Lot 3 543 square meters in favor of Gervacio Ronquillo; and evidence to prove the transfer of the property in favor of the government.Moreover, even assuming that
Lot 4 1,149 square meters in favor of the City Government of Lipa[2] the Mendozas relinquished their right to the property in 1957 in the governments favor, the latter never
took steps to have the title to the property issued in its name or have its right as owner annotated on
As a result of subdivision, the Register of Deeds partially cancelled TCT T-11410 and issued the Mendozas title. The CA held that, by its omissions, the Republic may be held in estoppel to claim that
new titles for Lots 1 and 3 in favor of Dimayuga and Ronquillo, respectively. Lot 2 remained in the name the Mendozaswere barred by laches from bringing its action.
of the Mendozas but no new title was issued in the name of the City Government of Lipa for Lot 4.
Meantime, PPS remained in possession of the property. With the denial of its motion for reconsideration, the Republic has taken recourse to this
Court via petition for review on certiorari under Rule 45.
The Republic claimed that, while no title was issued in the name of the City Government of
Lipa, the Mendozas had relinquished to it their right over the school lot as evidenced by the The Issue Presented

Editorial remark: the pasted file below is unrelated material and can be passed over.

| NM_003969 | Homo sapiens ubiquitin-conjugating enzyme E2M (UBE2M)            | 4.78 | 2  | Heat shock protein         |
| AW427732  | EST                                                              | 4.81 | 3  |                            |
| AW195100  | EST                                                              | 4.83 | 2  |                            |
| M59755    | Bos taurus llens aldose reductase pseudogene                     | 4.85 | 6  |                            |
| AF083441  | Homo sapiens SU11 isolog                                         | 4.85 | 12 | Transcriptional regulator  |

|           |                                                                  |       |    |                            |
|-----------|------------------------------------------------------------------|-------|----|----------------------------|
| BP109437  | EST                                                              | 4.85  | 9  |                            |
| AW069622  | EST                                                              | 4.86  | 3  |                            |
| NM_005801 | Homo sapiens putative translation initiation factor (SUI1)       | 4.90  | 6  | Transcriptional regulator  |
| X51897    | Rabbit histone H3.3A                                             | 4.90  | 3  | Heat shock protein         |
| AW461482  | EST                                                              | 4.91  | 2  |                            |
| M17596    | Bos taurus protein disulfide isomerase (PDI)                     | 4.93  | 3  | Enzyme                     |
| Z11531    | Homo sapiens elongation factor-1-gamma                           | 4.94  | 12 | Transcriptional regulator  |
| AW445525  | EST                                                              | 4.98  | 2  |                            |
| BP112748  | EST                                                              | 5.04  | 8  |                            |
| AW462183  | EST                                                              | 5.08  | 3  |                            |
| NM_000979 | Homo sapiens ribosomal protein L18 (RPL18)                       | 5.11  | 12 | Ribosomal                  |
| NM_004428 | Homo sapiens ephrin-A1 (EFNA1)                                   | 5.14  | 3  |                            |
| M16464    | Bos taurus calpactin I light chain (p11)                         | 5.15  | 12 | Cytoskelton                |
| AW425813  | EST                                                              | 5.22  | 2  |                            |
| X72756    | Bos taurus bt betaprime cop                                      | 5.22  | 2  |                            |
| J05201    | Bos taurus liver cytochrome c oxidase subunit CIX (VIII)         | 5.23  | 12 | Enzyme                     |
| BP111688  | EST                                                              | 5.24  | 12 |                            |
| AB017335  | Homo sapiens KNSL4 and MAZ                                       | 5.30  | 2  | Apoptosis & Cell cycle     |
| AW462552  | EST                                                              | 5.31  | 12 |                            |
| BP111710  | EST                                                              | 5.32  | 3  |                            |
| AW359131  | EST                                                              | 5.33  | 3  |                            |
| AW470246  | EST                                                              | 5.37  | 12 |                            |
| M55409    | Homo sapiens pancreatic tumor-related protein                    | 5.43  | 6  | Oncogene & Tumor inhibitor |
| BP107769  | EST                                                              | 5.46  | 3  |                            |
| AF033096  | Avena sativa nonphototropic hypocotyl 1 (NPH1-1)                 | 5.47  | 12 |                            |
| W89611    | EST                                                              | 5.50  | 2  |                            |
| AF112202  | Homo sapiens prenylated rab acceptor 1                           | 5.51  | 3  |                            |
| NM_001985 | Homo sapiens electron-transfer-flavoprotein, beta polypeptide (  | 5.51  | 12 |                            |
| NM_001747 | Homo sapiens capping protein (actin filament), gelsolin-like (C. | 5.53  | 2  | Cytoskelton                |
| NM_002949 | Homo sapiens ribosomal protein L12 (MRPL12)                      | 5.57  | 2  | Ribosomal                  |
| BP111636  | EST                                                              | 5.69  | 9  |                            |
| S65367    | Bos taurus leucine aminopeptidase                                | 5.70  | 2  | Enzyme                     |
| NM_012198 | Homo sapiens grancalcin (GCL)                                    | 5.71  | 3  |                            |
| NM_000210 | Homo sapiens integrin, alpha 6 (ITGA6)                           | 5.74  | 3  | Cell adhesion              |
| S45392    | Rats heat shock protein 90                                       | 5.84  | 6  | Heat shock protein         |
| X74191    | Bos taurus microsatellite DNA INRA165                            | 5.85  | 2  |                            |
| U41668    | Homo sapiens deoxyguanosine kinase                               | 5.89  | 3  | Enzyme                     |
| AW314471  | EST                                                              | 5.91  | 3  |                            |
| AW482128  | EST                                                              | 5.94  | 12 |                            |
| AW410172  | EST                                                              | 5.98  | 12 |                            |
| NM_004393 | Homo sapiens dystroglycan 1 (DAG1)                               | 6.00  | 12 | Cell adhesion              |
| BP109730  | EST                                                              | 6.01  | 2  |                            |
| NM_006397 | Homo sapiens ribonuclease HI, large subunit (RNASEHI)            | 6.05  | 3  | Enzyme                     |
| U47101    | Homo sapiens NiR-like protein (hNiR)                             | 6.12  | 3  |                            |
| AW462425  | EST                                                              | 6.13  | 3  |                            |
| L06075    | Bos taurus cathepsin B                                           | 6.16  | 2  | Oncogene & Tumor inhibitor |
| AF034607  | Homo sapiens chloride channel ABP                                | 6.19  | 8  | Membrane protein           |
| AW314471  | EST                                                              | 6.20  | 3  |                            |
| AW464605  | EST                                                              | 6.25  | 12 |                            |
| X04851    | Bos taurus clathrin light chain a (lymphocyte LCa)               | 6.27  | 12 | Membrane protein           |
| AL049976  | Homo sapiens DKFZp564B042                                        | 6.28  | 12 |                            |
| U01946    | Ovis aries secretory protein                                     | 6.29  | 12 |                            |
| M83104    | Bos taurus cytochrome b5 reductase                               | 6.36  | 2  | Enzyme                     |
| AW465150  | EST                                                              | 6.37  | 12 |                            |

consolidation and subdivision plan. Further, the property had long been tax-declared in the name of the
City Government and PPS built significant, permanent improvements on the same. These improvements The issue in this case is whether or not the CA erred in holding that the Mendozas were
had also been tax-declared.[4] entitled to evict the Republic from the subject property that it had used for a public school.
The Mendozas claim, on the other hand, that although PPS sought permission from them to use the The Courts Ruling
property as a school site, they never relinquished their right to it. They allowed PPS to occupy the
property since they had no need for it at that time. Thus, it has remained registered in their name under A decree of registration is conclusive upon all persons, including the Government of the
the original title, TCT T-11410, which had only been partially cancelled. Republic and all its branches, whether or not mentioned by name in the application for registration or its